My Wheelchair Experience Shows Me We Should Be Aware of Others

Kindness starts with awareness, a columnist realizes when he's seen as invisible

Sean Baumstark avatar

by Sean Baumstark |

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I’m not a fan of cold weather at all. Even when I could manage my legs with skis or a snowboard attached, I was never interested in being out in the snow. Of course, I enjoy the views of white-tipped trees and mountains, but I find they’re most enjoyable from indoors, sitting next to a fireplace with a cup of hot cocoa.

The progression of my Friedreich’s ataxia (FA) and its mobility issues, paired with my dislike of cold temperatures, means I’m never tempted by snow or cold regions, no matter how lovely they are to look at.

Warmer temperatures and sunny days are significant reasons I stay in California; the weather is hard to beat. However, we’ve been dealing with unusually cold weather and much more rain lately. California needs the rain, so I’m not complaining about that. But this cold, wet weather made me excited for a cruise to Mexico I’d planned to kick off 2023.

As I chose to do on my cruise last year, I used my wheelchair on the trip. I’m still independent at home and can manage my mobility issues with the aid of a walker, but I find the wheelchair to be safer on a cruise. Not only does it help me manage the constant motion of the ocean, but it also allows me to conserve energy and save some time.

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Setting My Intentions for a New Year With Friedreich’s Ataxia

My sail date was Jan. 7, just one week into the year. The weekend before, I’d watched several New Year’s TV specials that featured various celebrities and musical artists. For example, Dolly Parton paired up with Miley Cyrus to co-host “Miley’s New Year’s Eve Party.” NBC also showed a “Today” interview in which Parton implored viewers to show more kindness in 2023.

I didn’t think much of the sentiment at the moment, as it felt too general and basic for me — almost a safe call to action that lacked any specific direction. However, on the second day of my cruise, which was spent entirely at sea, Parton’s message to “try a little harder” to be kind started replaying in my head.

As I navigated the ship, still getting used to the limitations of the wheelchair, I had to take extra caution when transporting my food and drinks and wait several times for an elevator. On a large but confined cruise ship with roughly 4,000 other passengers, this wasn’t always easy.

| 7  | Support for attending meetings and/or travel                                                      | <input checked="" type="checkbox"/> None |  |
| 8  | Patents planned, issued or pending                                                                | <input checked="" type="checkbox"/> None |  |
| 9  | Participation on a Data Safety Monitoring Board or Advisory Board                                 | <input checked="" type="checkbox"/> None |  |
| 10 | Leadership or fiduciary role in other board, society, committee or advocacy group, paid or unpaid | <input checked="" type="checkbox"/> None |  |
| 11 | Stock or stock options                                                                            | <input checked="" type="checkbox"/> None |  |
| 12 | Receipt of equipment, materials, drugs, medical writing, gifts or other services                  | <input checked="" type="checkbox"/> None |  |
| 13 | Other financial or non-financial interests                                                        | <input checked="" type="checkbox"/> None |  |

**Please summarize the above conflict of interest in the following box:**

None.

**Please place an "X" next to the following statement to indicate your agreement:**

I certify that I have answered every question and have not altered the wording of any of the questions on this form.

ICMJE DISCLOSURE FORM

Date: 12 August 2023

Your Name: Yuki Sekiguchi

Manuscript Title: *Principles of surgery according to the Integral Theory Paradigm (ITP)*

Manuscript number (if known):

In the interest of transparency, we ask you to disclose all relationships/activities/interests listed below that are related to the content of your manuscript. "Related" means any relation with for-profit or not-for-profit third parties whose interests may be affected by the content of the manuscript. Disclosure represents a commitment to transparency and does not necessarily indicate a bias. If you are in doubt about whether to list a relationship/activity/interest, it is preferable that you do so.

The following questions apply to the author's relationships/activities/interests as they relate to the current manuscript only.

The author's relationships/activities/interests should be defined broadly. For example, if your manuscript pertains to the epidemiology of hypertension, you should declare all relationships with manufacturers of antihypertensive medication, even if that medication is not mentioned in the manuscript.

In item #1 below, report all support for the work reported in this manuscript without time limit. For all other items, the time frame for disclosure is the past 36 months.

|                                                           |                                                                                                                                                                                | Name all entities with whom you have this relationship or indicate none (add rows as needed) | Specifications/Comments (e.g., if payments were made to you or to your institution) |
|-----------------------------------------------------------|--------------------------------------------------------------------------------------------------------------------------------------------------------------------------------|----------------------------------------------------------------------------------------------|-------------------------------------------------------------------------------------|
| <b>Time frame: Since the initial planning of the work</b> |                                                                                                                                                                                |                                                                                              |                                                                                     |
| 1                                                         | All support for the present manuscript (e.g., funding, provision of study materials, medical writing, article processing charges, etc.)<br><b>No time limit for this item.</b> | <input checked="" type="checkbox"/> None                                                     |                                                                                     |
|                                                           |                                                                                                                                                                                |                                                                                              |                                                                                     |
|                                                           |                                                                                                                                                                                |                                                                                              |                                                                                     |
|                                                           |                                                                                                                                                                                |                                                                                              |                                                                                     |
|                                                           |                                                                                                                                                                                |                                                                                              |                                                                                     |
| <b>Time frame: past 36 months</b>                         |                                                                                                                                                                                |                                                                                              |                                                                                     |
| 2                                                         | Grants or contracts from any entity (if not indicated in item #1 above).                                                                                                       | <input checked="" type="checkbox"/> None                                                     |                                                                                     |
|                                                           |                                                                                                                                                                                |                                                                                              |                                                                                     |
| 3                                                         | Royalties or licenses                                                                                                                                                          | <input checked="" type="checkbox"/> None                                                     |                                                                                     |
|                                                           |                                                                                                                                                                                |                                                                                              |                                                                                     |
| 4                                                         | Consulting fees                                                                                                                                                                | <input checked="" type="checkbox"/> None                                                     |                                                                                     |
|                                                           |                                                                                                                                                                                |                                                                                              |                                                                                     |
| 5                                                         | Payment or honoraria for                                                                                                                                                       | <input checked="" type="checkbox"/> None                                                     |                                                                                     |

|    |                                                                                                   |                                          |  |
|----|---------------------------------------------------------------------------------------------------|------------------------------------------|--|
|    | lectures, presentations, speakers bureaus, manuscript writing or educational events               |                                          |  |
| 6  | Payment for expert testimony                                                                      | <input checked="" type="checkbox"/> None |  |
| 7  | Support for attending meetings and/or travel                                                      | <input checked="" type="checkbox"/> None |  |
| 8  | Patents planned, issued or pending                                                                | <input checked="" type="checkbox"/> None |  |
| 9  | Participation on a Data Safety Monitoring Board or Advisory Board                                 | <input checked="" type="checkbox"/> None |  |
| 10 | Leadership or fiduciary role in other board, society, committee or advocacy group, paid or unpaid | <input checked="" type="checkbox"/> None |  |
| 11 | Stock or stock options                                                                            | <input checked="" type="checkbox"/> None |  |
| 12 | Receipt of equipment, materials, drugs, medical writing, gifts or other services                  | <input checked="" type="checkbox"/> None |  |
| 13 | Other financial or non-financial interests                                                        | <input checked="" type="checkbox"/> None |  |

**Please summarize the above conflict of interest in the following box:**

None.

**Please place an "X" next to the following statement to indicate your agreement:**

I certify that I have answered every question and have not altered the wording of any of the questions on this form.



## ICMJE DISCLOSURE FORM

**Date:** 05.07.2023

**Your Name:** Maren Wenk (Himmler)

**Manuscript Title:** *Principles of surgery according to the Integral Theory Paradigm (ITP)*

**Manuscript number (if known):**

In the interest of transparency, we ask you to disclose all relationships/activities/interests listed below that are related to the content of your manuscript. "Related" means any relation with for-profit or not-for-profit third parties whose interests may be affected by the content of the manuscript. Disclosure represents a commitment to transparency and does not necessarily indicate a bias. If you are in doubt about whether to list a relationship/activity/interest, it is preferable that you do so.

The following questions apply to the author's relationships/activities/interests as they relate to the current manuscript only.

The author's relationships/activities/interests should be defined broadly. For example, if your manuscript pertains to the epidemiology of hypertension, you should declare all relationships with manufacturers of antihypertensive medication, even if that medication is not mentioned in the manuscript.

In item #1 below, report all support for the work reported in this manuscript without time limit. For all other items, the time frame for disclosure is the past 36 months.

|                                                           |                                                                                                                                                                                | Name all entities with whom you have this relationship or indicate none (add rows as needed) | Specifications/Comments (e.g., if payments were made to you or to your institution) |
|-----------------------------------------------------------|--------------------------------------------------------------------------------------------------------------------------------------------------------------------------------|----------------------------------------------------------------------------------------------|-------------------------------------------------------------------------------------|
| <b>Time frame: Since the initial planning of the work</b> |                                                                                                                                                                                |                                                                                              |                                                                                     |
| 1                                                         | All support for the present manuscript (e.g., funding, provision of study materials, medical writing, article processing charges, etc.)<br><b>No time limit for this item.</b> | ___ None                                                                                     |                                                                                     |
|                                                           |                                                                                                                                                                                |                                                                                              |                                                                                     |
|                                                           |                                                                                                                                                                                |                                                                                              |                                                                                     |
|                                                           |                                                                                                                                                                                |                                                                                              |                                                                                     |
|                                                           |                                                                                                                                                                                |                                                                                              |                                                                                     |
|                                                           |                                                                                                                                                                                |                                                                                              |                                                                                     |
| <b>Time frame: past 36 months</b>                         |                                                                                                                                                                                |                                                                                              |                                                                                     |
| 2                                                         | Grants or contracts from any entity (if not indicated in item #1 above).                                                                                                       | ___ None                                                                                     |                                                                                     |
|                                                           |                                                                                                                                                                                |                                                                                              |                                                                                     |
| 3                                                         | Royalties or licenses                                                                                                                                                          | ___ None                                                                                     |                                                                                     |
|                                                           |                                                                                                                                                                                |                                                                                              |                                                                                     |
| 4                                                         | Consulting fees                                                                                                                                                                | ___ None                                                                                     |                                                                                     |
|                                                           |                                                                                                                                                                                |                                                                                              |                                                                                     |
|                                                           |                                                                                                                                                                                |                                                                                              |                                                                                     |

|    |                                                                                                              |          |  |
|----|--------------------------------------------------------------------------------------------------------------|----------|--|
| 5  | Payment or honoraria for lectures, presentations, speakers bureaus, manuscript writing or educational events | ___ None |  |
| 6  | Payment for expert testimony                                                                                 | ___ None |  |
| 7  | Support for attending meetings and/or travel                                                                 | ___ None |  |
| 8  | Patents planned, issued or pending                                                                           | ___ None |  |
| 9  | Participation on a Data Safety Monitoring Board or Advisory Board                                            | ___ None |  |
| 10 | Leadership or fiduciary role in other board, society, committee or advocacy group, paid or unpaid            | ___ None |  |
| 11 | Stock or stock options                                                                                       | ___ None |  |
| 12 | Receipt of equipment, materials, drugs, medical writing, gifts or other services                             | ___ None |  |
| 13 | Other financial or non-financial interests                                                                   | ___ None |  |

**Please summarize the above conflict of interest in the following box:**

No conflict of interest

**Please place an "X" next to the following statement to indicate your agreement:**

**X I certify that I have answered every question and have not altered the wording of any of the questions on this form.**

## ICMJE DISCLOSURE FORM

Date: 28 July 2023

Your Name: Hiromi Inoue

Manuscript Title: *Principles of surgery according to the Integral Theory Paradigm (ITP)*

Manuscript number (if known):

Some people offered to open doors for me, carry my drink to my table, and even let me on the elevator first. However, those helpful folks were the exception. Although I didn’t encounter any intentional rudeness, most people simply didn’t notice me or my wheelchair.

Recalling Parton’s message, I wondered if kindness is what the world is lacking. As I reflected more on this during my cruise, however, I realized that what we lack instead is an awareness of others. Self-absorption is all too typical.

I’m convinced that if we challenged ourselves to put others’ needs first in everyday life — by simply opening the door for someone or offering to help carry items when their hands are full — the world would be a much better place. Ultimately, kindness will be the byproduct of increased awareness, and everyone can benefit from it.

This year, instead of simply resolving to be kinder, I intend to pay attention to those around me, put others first, and find ways to help — big or small.

Note: Friedreich’s Ataxia News is strictly a news and information website about the disease. It does not provide medical advice, diagnosis, or treatment. This content is not intended to be a substitute for professional medical advice, diagnosis, or treatment. Always seek the advice of your physician or another qualified health provider with any questions you may have regarding a medical condition. Never disregard professional medical advice or delay in seeking it because of something you have read on this website. The opinions expressed in this column are not those of Friedreich’s Ataxia News or its parent company, BioNews, and are intended to spark discussion about issues pertaining to Friedreich’s ataxia.


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